Cost of the Diet assessments are designed to be undertaken in an area with similar livelihoods and market access. Livelihood zones, as defined using the process outlined in the Household Economy Analysis (HEA Analysis), are the most common way to define an assessment area for a CotD assessment, though administrative units have also been used.
Before data collection begins, a detailed list of all foods (local, imported, grown and wild) available at any time during the year is compiled. This list is used as the basis for the market survey and interview questionnaire.
A market survey is conducted in 6-8 markets, representative of the assessment area or livelihood zone, where the poorest households purchase their food from. Price and weight data of all foods in the market is collected for each season. Market traders are asked questions about annual trends in prices, seasonality and changes in the demand and supply of commodities. These results are converted into a price per 100g which is entered into the software.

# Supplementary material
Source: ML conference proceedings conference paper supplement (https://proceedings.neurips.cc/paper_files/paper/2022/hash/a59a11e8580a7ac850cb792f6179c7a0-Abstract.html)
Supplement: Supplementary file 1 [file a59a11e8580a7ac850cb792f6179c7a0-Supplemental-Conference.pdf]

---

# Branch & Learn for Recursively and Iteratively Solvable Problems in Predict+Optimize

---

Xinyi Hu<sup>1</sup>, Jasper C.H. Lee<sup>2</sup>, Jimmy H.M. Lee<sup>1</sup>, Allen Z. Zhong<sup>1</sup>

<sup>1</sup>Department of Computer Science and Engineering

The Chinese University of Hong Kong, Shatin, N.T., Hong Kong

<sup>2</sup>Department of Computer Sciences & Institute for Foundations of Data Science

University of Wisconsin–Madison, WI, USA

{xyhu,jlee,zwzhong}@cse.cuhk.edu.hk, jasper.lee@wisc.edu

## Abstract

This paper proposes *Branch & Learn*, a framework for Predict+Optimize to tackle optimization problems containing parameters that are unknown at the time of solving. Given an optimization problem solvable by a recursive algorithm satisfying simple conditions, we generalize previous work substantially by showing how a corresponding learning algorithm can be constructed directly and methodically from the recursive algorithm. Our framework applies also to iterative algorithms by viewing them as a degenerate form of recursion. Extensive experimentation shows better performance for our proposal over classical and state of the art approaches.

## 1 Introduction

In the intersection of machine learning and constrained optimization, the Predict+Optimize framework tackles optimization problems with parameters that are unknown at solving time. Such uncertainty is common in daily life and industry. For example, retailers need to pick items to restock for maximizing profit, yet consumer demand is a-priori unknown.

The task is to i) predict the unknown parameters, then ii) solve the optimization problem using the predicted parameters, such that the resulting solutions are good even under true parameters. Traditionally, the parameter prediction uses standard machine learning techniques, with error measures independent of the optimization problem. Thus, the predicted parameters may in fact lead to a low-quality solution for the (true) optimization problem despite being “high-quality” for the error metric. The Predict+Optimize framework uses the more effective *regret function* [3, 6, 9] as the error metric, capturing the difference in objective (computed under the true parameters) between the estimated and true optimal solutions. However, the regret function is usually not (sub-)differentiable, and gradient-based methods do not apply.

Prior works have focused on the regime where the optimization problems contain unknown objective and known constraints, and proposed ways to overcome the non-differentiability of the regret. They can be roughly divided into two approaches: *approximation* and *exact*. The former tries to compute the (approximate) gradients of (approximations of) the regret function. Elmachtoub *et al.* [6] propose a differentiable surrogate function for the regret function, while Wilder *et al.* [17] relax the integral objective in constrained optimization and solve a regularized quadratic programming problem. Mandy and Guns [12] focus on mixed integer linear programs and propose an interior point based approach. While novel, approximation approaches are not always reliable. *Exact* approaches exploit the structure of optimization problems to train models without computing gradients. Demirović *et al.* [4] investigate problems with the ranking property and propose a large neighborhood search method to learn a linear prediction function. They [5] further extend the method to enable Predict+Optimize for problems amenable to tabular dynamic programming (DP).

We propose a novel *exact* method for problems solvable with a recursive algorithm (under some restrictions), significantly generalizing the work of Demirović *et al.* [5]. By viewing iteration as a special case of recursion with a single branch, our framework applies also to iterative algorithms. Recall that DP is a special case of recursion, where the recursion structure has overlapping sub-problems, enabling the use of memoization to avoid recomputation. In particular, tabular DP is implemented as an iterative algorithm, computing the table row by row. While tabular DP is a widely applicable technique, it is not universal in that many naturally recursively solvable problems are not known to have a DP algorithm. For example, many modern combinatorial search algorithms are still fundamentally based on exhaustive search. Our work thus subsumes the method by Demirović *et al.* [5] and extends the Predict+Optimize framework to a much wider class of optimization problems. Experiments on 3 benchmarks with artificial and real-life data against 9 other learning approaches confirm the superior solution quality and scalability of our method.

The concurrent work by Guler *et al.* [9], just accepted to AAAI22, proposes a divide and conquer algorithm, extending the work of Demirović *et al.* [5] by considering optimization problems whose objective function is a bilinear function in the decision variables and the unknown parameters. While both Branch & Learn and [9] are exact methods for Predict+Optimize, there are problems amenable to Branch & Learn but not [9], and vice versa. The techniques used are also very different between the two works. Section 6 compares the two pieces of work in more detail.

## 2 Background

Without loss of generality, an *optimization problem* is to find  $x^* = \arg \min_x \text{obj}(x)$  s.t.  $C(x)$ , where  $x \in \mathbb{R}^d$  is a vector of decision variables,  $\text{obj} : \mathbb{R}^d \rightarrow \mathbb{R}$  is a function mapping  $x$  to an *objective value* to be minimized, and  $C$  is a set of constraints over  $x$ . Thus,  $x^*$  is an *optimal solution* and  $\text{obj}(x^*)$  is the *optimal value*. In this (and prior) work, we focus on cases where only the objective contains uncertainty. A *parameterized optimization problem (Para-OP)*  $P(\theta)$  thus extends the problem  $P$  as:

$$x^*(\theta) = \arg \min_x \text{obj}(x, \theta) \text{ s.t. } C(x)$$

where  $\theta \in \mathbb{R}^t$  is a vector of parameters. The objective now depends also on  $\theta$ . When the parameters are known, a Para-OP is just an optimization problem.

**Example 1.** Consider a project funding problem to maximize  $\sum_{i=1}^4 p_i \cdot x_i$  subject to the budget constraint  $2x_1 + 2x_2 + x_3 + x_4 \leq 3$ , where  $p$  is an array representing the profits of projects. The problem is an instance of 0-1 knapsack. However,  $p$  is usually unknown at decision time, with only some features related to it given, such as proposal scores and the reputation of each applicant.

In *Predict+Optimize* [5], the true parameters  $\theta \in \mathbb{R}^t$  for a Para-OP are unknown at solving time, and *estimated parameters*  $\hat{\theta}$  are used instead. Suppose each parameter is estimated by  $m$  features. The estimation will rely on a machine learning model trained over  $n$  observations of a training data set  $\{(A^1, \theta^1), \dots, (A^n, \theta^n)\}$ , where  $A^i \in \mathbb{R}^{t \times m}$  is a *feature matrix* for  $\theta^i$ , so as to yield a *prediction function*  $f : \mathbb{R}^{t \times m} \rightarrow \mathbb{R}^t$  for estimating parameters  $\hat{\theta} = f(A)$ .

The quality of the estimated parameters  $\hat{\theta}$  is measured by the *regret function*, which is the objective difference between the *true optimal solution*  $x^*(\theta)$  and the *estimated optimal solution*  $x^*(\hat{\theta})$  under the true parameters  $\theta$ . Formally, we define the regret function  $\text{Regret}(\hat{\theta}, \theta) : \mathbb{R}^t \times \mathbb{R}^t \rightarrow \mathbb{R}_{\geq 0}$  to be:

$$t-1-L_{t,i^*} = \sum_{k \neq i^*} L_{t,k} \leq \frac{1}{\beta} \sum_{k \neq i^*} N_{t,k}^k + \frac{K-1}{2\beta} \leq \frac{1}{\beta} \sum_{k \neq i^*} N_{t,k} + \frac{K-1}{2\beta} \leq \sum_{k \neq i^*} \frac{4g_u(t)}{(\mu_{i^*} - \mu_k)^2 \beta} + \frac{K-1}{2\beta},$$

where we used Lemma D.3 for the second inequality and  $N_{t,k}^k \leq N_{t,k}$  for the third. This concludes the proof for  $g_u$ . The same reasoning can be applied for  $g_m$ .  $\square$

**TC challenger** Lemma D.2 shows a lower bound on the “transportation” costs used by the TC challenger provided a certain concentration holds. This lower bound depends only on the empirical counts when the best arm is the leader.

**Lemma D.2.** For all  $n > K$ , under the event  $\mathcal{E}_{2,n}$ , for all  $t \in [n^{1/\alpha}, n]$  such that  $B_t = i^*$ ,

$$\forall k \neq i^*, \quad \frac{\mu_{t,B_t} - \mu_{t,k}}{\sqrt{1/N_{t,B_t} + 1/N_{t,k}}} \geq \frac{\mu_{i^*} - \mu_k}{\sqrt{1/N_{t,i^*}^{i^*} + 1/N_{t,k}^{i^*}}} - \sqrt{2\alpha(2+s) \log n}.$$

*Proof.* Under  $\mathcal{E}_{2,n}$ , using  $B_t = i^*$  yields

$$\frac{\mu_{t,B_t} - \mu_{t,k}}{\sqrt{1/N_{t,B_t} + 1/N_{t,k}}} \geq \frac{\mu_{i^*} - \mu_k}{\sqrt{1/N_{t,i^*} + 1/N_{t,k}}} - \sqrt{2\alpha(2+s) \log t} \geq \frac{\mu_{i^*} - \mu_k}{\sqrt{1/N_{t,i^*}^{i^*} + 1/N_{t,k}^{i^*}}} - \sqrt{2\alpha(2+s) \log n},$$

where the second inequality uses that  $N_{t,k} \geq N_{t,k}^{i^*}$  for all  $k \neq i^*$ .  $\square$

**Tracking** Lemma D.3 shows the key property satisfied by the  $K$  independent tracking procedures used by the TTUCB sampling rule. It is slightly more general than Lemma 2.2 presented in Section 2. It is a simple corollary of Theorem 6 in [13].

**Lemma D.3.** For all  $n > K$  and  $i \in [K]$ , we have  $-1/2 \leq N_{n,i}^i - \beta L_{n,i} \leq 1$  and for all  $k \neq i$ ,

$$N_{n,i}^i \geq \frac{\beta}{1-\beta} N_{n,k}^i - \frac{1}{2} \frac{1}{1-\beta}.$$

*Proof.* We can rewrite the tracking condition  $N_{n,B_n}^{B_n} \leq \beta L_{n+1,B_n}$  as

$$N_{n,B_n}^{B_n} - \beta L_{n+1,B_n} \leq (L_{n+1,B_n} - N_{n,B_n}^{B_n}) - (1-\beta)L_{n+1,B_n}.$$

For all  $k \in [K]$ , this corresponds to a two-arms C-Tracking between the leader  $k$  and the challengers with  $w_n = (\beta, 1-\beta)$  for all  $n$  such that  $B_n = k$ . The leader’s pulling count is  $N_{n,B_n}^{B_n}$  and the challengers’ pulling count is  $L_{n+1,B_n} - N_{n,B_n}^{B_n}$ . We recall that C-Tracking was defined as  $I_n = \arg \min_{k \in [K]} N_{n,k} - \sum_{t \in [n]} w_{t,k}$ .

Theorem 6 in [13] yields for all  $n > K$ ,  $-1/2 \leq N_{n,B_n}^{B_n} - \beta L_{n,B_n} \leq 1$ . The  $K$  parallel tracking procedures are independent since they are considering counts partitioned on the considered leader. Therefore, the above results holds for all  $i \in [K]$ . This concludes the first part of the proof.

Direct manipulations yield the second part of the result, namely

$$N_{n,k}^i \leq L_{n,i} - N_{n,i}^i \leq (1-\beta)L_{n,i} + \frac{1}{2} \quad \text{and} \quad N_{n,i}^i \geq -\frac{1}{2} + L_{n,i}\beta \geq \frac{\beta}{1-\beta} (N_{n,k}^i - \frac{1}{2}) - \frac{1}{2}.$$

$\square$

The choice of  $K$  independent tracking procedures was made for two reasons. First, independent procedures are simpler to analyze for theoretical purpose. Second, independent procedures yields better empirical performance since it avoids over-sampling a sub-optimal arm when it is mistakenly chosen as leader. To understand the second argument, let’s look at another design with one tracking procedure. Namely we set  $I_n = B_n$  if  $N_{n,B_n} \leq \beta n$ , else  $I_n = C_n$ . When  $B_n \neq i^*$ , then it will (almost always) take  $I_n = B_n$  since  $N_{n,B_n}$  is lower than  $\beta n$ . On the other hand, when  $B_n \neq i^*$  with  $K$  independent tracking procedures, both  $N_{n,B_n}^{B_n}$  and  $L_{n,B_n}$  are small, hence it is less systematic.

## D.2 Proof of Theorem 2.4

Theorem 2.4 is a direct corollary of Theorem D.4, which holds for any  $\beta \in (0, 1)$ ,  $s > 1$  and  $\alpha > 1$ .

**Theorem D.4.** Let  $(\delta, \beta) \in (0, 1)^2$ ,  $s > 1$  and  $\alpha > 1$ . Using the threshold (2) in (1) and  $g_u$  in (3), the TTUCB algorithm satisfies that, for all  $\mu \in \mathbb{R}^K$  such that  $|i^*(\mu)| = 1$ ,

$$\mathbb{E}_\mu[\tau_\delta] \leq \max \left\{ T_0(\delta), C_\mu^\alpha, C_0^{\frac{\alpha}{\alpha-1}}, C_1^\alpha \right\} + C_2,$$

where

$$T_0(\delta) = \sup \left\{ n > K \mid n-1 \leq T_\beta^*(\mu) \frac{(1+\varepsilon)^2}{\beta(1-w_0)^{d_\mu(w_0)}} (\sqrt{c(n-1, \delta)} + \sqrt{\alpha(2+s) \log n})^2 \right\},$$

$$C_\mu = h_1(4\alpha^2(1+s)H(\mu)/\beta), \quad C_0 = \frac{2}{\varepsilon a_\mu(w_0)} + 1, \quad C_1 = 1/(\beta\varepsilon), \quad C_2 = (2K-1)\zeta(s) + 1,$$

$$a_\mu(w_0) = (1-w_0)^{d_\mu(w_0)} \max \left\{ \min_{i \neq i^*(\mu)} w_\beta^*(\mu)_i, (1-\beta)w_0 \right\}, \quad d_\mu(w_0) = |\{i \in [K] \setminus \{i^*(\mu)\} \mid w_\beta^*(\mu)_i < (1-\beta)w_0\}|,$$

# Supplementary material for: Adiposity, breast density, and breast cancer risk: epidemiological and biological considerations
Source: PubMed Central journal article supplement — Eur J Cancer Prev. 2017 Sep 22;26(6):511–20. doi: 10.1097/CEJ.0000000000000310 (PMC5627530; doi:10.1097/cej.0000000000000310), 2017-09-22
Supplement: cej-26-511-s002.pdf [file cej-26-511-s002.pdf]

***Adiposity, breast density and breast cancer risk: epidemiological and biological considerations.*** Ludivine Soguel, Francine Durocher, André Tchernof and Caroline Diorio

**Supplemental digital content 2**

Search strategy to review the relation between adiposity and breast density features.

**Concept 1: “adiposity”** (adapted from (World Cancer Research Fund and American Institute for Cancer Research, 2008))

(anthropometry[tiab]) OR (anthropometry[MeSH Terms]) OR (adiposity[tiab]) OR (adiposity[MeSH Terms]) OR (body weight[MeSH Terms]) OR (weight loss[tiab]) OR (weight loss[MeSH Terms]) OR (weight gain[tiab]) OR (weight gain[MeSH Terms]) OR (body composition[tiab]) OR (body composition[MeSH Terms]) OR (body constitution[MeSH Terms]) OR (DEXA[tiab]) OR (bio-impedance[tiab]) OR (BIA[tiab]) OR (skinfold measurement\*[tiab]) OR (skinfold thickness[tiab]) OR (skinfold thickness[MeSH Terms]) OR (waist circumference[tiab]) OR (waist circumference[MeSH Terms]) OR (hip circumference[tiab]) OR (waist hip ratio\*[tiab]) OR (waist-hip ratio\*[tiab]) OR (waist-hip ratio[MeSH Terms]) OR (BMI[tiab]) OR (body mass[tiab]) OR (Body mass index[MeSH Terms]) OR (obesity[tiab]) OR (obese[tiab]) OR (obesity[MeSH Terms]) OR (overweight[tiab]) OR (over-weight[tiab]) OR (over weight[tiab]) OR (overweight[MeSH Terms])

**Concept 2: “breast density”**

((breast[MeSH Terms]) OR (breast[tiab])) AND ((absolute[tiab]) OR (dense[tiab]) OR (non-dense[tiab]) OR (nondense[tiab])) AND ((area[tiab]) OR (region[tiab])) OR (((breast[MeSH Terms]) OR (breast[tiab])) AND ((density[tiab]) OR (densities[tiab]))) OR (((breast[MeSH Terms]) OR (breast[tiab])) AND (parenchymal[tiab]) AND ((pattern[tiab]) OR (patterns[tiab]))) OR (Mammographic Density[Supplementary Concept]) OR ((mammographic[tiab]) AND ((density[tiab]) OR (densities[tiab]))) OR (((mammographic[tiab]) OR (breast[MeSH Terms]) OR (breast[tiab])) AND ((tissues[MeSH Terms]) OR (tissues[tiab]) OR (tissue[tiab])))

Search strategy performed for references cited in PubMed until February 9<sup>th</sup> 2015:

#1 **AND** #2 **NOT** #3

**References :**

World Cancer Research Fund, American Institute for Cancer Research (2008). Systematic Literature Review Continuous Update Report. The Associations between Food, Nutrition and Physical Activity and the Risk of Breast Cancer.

Focus group discussions (FGD) are conducted in 4 villages in order to create a nutritious diet that considers typical dietary habits. Each FGD should consist of 8 participants; 2 from each wealth group identified by the HEA. All participants should be those responsible for preparing food for the household. The interview questionnaire is based upon the food list generated before and during the market survey and aims to determine how often foods are consumed when they are in season. Questions are based on observations from the market data, comments from traders and responses to the questionnaire. Information is collected on key staples, household food production, ‘normal’ consumption patterns, cultural taboos and wild foods consumed.
Applied constraints are intended to reflect typical dietary patterns rather than economic constraints, as Cost of the Diet is a tool used to illustrate a diet that could be achieved if economic limits were removed.
Cost of the Diet Software